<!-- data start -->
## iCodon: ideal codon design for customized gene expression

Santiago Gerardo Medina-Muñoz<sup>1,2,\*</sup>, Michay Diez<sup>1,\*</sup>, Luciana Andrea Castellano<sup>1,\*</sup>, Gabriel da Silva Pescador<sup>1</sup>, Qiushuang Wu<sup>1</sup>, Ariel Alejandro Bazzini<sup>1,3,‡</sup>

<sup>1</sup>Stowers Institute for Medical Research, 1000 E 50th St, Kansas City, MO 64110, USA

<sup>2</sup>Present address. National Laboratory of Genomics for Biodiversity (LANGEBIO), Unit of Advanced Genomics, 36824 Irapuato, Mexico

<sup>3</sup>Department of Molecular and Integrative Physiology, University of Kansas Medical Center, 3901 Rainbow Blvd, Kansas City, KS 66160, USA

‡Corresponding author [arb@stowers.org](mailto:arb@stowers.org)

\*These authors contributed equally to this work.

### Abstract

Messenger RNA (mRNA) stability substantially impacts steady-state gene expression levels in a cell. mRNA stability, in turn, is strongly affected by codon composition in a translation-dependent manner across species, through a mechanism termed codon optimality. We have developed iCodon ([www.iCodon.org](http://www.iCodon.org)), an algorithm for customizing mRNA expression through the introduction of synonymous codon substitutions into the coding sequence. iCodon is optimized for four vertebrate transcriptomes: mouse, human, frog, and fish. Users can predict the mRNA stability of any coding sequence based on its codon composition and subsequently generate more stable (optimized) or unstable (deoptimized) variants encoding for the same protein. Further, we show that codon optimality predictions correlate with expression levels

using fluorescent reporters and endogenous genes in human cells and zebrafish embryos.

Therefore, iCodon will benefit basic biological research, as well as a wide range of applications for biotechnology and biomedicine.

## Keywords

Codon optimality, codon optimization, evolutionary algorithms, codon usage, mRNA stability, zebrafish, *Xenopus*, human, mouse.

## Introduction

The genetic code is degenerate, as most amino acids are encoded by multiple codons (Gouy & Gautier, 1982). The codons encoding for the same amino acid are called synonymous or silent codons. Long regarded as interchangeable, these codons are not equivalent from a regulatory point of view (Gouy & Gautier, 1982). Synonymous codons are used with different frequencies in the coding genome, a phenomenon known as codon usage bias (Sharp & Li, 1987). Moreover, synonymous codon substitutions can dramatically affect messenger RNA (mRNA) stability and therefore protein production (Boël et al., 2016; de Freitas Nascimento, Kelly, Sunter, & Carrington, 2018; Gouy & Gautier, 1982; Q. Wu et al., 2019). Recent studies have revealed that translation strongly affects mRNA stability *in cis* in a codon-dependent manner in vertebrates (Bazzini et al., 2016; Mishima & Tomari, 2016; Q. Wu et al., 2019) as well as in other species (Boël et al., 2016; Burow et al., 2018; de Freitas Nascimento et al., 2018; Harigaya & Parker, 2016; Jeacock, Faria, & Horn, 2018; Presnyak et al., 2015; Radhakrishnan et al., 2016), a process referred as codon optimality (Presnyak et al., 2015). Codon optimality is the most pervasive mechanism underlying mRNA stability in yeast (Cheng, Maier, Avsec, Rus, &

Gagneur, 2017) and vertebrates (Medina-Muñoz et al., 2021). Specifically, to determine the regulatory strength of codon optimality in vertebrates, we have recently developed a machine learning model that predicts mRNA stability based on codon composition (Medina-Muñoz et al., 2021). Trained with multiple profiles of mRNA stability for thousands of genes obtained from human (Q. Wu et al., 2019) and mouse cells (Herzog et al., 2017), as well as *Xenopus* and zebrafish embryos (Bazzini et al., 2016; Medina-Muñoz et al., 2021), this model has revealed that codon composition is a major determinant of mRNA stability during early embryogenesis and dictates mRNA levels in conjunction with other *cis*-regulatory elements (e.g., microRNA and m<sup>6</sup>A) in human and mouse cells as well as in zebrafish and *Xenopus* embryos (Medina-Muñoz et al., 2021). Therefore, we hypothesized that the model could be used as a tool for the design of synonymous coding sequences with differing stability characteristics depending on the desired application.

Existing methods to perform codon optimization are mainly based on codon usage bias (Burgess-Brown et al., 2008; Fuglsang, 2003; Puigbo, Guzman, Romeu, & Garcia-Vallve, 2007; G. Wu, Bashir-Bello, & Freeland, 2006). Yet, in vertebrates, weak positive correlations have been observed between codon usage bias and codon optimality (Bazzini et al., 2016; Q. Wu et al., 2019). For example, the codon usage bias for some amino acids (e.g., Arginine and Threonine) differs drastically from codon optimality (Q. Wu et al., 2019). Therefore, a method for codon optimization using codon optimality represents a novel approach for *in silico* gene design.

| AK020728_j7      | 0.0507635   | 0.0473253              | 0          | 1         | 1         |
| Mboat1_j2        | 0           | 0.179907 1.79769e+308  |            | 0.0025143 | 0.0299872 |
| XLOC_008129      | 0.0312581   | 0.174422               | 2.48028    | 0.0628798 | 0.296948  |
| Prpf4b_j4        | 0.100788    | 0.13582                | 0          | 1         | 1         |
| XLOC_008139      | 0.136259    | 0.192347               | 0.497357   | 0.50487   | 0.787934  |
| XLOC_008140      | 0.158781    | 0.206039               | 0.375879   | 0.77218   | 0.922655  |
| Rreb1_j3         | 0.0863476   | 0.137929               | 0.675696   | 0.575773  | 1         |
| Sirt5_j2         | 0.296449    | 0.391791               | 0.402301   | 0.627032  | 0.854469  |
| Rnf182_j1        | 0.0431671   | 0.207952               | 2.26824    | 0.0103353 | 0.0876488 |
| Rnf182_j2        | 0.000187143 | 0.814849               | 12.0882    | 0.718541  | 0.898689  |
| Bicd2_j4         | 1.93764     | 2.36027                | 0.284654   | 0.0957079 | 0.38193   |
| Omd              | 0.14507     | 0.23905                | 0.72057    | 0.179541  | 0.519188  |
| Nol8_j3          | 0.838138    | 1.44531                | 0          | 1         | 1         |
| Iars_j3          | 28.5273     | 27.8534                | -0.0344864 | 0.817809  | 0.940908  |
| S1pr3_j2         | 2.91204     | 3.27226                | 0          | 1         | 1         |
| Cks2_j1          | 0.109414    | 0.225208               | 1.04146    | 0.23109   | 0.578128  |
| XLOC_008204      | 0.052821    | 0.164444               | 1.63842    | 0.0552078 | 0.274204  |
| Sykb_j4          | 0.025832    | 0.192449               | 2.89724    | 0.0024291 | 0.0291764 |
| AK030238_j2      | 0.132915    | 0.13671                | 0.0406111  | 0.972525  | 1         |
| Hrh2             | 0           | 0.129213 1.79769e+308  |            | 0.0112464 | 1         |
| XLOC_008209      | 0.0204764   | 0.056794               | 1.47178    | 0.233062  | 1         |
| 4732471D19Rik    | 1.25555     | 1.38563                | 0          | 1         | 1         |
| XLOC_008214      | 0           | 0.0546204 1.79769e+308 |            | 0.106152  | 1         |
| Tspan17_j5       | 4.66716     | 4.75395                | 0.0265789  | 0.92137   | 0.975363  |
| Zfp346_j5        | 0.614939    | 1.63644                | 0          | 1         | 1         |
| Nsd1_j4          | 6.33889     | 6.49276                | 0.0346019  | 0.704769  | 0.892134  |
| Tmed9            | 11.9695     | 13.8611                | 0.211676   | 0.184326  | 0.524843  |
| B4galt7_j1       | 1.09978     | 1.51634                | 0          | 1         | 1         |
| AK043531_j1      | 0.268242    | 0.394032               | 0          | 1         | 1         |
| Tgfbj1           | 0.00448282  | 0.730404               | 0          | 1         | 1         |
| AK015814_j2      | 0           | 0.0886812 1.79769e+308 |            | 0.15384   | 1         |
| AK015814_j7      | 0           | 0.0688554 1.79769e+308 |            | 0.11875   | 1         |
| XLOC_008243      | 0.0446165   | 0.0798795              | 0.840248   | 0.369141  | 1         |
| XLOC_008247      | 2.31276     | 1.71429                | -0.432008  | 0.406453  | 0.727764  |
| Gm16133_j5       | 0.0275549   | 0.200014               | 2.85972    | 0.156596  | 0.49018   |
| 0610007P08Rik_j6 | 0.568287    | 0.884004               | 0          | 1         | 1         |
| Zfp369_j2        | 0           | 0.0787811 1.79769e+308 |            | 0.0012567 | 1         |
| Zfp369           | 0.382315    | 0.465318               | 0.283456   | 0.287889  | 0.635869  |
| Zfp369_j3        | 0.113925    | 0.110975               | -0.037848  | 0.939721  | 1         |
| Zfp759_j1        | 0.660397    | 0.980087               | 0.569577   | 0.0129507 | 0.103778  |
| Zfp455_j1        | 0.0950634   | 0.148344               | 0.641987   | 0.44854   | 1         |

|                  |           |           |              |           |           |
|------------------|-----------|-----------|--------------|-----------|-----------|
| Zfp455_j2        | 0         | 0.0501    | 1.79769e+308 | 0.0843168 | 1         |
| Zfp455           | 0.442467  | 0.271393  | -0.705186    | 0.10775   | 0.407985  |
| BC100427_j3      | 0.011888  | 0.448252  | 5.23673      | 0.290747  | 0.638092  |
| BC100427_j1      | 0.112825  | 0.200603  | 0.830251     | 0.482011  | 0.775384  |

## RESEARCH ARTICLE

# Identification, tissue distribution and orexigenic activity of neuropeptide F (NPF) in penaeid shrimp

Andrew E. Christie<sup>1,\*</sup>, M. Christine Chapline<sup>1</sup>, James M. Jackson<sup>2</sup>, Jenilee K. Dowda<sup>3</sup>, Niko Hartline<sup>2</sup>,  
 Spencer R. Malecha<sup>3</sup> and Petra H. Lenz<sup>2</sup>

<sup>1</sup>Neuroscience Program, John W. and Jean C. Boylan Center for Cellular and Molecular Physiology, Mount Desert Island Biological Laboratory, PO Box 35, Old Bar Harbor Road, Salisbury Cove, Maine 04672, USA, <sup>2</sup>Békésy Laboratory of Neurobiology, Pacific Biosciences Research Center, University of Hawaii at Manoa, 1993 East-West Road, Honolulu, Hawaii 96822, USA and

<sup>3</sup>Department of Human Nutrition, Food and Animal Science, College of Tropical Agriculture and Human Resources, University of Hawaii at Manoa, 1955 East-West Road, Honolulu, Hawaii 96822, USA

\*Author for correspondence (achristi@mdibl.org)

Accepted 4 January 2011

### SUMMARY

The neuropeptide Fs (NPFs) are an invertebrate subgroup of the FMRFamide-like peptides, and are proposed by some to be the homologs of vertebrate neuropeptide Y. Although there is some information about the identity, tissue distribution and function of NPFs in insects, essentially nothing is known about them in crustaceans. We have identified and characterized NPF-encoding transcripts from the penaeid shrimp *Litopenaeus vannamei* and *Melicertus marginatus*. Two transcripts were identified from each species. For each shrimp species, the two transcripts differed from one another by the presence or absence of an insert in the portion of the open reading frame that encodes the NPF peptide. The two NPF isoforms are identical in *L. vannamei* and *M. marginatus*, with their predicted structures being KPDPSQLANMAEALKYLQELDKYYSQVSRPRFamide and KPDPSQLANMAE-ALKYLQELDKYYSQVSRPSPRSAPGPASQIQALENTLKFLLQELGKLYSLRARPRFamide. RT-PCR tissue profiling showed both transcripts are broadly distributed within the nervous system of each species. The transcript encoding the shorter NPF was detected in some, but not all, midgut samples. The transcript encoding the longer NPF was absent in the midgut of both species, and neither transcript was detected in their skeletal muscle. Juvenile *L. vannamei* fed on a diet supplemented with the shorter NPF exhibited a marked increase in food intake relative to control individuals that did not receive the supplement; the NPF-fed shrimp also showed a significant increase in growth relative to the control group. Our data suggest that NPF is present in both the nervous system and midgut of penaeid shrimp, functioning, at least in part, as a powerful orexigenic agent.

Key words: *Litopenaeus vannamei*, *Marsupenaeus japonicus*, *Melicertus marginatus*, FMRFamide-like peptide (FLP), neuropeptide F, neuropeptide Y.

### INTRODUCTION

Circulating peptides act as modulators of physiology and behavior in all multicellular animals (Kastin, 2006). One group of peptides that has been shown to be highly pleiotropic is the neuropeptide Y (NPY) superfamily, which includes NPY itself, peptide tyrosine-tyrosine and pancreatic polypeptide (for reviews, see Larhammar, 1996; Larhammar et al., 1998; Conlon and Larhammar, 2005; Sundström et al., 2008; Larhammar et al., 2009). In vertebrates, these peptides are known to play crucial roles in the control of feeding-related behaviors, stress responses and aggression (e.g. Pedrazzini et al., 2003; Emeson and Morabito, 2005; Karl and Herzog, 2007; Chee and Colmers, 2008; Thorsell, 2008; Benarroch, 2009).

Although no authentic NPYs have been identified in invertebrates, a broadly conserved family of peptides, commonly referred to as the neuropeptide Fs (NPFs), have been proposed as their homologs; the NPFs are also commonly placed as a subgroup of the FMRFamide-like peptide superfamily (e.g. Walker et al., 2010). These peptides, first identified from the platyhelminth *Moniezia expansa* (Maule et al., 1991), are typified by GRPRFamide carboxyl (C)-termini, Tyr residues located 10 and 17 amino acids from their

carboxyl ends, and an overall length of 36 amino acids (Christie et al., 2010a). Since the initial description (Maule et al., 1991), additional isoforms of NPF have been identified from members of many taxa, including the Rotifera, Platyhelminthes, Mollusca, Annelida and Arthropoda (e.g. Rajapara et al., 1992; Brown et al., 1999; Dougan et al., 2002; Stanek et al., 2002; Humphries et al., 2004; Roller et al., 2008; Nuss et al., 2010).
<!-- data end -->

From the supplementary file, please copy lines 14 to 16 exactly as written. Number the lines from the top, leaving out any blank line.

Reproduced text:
## Introduction

The genetic code is degenerate, as most amino acids are encoded by multiple codons (Gouy & Gautier, 1982). The codons encoding for the same amino acid are called synonymous or silent codons. Long regarded as interchangeable, these codons are not equivalent from a regulatory point of view (Gouy & Gautier, 1982). Synonymous codons are used with different frequencies in the coding genome, a phenomenon known as codon usage bias (Sharp & Li, 1987). Moreover, synonymous codon substitutions can dramatically affect messenger RNA (mRNA) stability and therefore protein production (Boël et al., 2016; de Freitas Nascimento, Kelly, Sunter, & Carrington, 2018; Gouy & Gautier, 1982; Q. Wu et al., 2019). Recent studies have revealed that translation strongly affects mRNA stability *in cis* in a codon-dependent manner in vertebrates (Bazzini et al., 2016; Mishima & Tomari, 2016; Q. Wu et al., 2019) as well as in other species (Boël et al., 2016; Burow et al., 2018; de Freitas Nascimento et al., 2018; Harigaya & Parker, 2016; Jeacock, Faria, & Horn, 2018; Presnyak et al., 2015; Radhakrishnan et al., 2016), a process referred as codon optimality (Presnyak et al., 2015). Codon optimality is the most pervasive mechanism underlying mRNA stability in yeast (Cheng, Maier, Avsec, Rus, &

Gagneur, 2017) and vertebrates (Medina-Muñoz et al., 2021). Specifically, to determine the regulatory strength of codon optimality in vertebrates, we have recently developed a machine learning model that predicts mRNA stability based on codon composition (Medina-Muñoz et al., 2021). Trained with multiple profiles of mRNA stability for thousands of genes obtained from human (Q. Wu et al., 2019) and mouse cells (Herzog et al., 2017), as well as *Xenopus* and zebrafish embryos (Bazzini et al., 2016; Medina-Muñoz et al., 2021), this model has revealed that codon composition is a major determinant of mRNA stability during early embryogenesis and dictates mRNA levels in conjunction with other *cis*-regulatory elements (e.g., microRNA and m<sup>6</sup>A) in human and mouse cells as well as in zebrafish and *Xenopus* embryos (Medina-Muñoz et al., 2021). Therefore, we hypothesized that the model could be used as a tool for the design of synonymous coding sequences with differing stability characteristics depending on the desired application.